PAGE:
The Elevator clipping

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Attempted Assassination of Rev. James Lynch.

A most desperate attempt was made to assassinate me at Lexington, Holmes County, Miss., Saturday, March 13th. I visited that place in company with Rev. E. Scarborough, Messrs. Frederic Stewart, Jordan, Weatherby and Archey Hartley, arriving at two o'clock, P.M., for the purpose of holding quarterly meeting. By permission of Col. Weston, Sheriff of the County, the use of the Court House was obtained. I appointed Rev. E. Scarborough to preach Saturday night. Services commenced at eight o'clock. The Court-house was filled with colored persons mainly; about thirteen whites occupied seats near the door, some of whom indulged in very loud whispering and laughing. One man asked the question "which is Lynch?" Another answered, with an oath, "they are all Lynches." This was done in a ton of voice audible all over the room. About the time Rev. Scarborough commenced to preach, five or six men passed from the main Court-room into the jury-room, where they remained about fourteen minutes; they came out hurriedly and went down stairs. One minute afterwards the report of a gun or pistol was heard - evidently proceeding from the rear of the Court-house, and a ball entered the window against which I was sitting, about two inches above my head, and in a perpendicular line with my position. Two pistol shots were fired after this, by some person or persons in the main hall, in front of the Court-room. Intense excitement prevailed, and I hastily left the Court-house with my friends, Messrs. Wetherby and Stewart. There were strong indications that the firing was deliberately planned, and a part of a pre-determined measure to destroy me. I then called on the colored people for protection, and seventeen, strong, valiant men were immediately armed, ready to die in my defence. I sent for the Sheriff, and so critical did he adjudge the situation, that at my earnest solicitation he remained with me until day-break. The scenes of the entire night proved the wisdom of the precaution taken; for about twelve or fifteen men were continually in motion around and about my lodgings, and from thence to a drinking saloon which was kept open until day-light; they also kept a light burning in the Court-house during the entire night. Their imprecations on me were heard by the Sheriff and by the men guarding me. Several stood and counted the number of men picketing outside, and the chances of making a successful attack were duly canvassed.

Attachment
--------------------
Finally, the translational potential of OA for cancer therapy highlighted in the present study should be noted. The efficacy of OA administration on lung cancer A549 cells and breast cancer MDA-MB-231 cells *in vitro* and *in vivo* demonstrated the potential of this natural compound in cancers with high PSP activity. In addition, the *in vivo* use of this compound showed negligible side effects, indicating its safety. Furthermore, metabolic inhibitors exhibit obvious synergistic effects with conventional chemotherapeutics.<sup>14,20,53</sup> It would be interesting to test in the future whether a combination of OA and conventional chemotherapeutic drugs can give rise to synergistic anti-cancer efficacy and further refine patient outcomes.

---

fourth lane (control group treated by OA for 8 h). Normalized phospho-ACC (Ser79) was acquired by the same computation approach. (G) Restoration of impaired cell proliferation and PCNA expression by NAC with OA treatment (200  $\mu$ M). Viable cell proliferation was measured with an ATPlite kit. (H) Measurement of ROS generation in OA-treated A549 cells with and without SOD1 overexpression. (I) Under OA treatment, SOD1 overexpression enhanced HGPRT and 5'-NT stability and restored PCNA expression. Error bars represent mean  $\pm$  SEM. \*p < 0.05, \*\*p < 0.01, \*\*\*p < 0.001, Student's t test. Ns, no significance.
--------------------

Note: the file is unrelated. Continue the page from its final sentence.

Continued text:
Three of the citizens called on me immediately after the firing, and sought to make me believe that it was simply some torpedoes thrown in by rude boys; but what man does not know the sound of a gun or pistol? They stated that there were no bullet marks; but day-light showed the bullet-hole in the glass. Certainly if torpedoes had been fired, some fragments of them would have been seen; but there was not the slightest sign of anything of the kind. The Constable of the town declared that two shots were fired in the Court-house yard, and then stated that they were fired into the lower steps.

Sunday morning I left this delectable locality, though hundreds of colored people had gathered for meeting. As I was about to leave, lawyer Gwin pledged protection. It is a significant fact that when this protection was needed - when the firing at the Court-house was heard all over town - heard by the Sheriff who was at the time in his bed - when a gang paraded the streets until day-break with apparent hostile intent - it was not offered.

I went to Lexington to perform ministerial duty, and neither by word or look, directly or indirectly, did I manifest anything but the most kindly and considerate feeling for the citizens. My only offense was that I was a Radical, and a representative of "The Northern Church."

Free speech and religious toleration does not exist in Mississippi. A man is not secure in his person, on a highway and back from the railroads, if he is known to be an active preacher of the Methodist Episcopal Church of the United States, or a Radical of public influence. Of this the above facts are the proof.

Every one knows that the civil authorities are powerless or indisposed in all cases to afford the necessary protection.

I propose to test the matter; whether free speech is to be allowed or not. Whether the colored man shall enjoy the right of attaching himself to any church organization he may choose. I am prepared to prove that a prominent individual of large influence (whose name I have), in Carroll County, has said I should not officiate in that county. And I expect to be attacked when I go there to preach.

This opposition is insane and wicked. I am seeking the elevation of my race. Preaching, instructing and organizing schools for them, I go to localities where there is no school or church; where men take special pains to teach the black man to degrade himself by encouraging him to drink and spend the nights in dancing that should be spent in the school-room. Every man that is not a fool knows that the moral, intellectual and religious elevation of the race is my aim, and they who oppose me do so because they are opposed to the work.

Thank God! we have got a good President who says there must be free speech and religious toleration, irrespective of the prejudice of locality, and also a Provisional Governor who will put the entire military force of the State on the war path to restrain those who would rob an American citizen of his dearest rights.



The Elevator; Lynch, James, 1839-1872, “The Elevator clipping,” Mississippi State University Libraries, accessed March 3, 2024,

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